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Coronavirus (COVID-19): updates and advice.

Objecting to the accounts

People who are entitled to vote in local council elections for the area may object to the accounts if they think that the auditor should apply to the High Court to confirm that an item in the accounts is unlawful or make a report 'in the public interest' on a matter that they think the council should consider or tell the public about.

If you want to object to the council's accounts you must give formal notice of your objection, in writing, to the auditor.

The formal notice must include why you are objecting, the details of any item in the accounts that you think is unlawful and the details of any matter that you think the auditor should make a public interest report about.

You must send a copy of your formal notice to the council, marked for the attention of the Chief Executive.

When you are considering whether to object you should appreciate that councils have the power to decide what they think is the best way of doing things. The fact that you may strongly disagree with something that the council has done does not mean that you can necessarily challenge that action. Neither the auditor nor the courts have the power to question a council's policy. The courts can only get involved if the council has acted unlawfully.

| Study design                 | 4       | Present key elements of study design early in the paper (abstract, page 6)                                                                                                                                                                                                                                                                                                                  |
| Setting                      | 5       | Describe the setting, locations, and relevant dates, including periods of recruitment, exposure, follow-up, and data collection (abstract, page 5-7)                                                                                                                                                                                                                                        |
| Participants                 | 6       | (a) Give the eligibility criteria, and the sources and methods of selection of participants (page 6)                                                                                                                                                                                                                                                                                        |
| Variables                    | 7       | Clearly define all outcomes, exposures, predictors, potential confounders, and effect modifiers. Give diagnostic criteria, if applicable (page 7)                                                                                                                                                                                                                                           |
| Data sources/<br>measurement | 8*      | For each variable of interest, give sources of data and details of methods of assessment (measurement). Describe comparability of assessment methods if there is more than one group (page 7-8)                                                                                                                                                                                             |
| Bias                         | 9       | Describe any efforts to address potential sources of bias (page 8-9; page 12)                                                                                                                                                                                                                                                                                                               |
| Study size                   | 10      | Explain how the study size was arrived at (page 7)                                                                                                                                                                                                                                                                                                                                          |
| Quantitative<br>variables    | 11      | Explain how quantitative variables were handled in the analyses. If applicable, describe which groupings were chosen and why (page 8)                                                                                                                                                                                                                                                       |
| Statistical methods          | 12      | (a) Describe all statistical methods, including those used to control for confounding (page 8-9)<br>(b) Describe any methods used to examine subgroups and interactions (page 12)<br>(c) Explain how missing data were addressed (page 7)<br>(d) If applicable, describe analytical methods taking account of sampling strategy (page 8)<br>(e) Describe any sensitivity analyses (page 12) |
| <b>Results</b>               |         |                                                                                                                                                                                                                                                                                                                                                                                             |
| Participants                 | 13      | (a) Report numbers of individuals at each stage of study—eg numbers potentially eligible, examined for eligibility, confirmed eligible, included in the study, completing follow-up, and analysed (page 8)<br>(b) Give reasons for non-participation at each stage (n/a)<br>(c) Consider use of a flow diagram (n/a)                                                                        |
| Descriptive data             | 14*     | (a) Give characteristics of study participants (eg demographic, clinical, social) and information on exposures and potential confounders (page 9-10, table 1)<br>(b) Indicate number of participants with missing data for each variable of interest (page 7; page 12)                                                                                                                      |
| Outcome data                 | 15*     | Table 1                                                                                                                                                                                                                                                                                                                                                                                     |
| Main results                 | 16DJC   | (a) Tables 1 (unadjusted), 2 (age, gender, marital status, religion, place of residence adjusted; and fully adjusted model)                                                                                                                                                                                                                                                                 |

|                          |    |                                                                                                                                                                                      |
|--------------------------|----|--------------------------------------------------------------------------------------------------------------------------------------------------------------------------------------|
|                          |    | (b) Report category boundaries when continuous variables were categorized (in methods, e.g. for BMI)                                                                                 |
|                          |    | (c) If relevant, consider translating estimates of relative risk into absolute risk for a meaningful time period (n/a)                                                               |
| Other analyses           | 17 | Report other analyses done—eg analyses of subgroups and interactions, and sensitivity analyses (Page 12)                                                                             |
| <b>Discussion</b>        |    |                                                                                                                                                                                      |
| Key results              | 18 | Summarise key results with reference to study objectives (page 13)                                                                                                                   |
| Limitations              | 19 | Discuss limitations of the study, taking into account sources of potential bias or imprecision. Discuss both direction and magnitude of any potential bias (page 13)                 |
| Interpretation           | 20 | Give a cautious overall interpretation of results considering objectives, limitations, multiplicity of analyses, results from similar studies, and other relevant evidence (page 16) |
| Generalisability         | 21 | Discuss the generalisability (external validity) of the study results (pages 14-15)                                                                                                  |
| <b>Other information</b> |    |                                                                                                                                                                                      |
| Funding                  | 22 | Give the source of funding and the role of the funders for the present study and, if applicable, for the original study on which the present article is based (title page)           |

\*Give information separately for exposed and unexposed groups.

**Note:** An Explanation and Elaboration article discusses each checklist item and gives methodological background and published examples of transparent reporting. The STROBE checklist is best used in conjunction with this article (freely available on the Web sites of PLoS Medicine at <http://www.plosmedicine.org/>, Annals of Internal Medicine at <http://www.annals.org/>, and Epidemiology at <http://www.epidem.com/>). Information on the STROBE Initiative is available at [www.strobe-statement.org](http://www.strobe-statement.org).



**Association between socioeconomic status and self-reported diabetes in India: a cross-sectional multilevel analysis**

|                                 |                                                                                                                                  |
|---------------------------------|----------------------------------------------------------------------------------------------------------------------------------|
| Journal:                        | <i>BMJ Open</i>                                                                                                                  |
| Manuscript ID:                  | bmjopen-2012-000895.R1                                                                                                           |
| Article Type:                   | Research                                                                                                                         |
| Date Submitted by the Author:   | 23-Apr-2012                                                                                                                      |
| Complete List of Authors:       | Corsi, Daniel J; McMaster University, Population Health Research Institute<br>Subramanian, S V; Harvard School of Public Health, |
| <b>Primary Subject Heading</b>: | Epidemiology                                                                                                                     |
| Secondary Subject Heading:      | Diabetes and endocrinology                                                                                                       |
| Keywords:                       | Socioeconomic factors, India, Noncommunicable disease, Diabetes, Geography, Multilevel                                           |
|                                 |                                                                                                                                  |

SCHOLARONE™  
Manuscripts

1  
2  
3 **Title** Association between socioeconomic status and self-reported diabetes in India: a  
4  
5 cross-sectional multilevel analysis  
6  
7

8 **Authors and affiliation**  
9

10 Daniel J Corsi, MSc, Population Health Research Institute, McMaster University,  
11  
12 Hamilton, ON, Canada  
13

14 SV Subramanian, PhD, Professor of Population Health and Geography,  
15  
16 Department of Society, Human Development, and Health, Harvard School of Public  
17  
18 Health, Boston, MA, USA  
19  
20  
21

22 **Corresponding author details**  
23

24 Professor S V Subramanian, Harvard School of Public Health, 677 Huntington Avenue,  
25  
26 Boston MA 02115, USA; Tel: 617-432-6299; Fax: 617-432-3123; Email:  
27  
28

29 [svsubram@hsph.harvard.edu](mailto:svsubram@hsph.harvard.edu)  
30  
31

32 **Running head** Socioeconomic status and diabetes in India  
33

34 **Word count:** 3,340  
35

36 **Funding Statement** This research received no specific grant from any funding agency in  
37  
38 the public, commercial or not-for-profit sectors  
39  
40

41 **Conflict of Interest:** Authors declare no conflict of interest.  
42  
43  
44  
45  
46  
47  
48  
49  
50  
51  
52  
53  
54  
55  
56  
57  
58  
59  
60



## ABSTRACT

The council must meet the cost of dealing with questions and objections, although you may be required to pay for copies of documents. However, you may have to pay the costs if you appeal to the courts against an auditor's decision.

You cannot use the objection process to make a personal complaint or claim against the council. If you think that the council has done something wrong you should follow the council's complaints procedure.

Once the auditor has considered your objection he will issue a decision.

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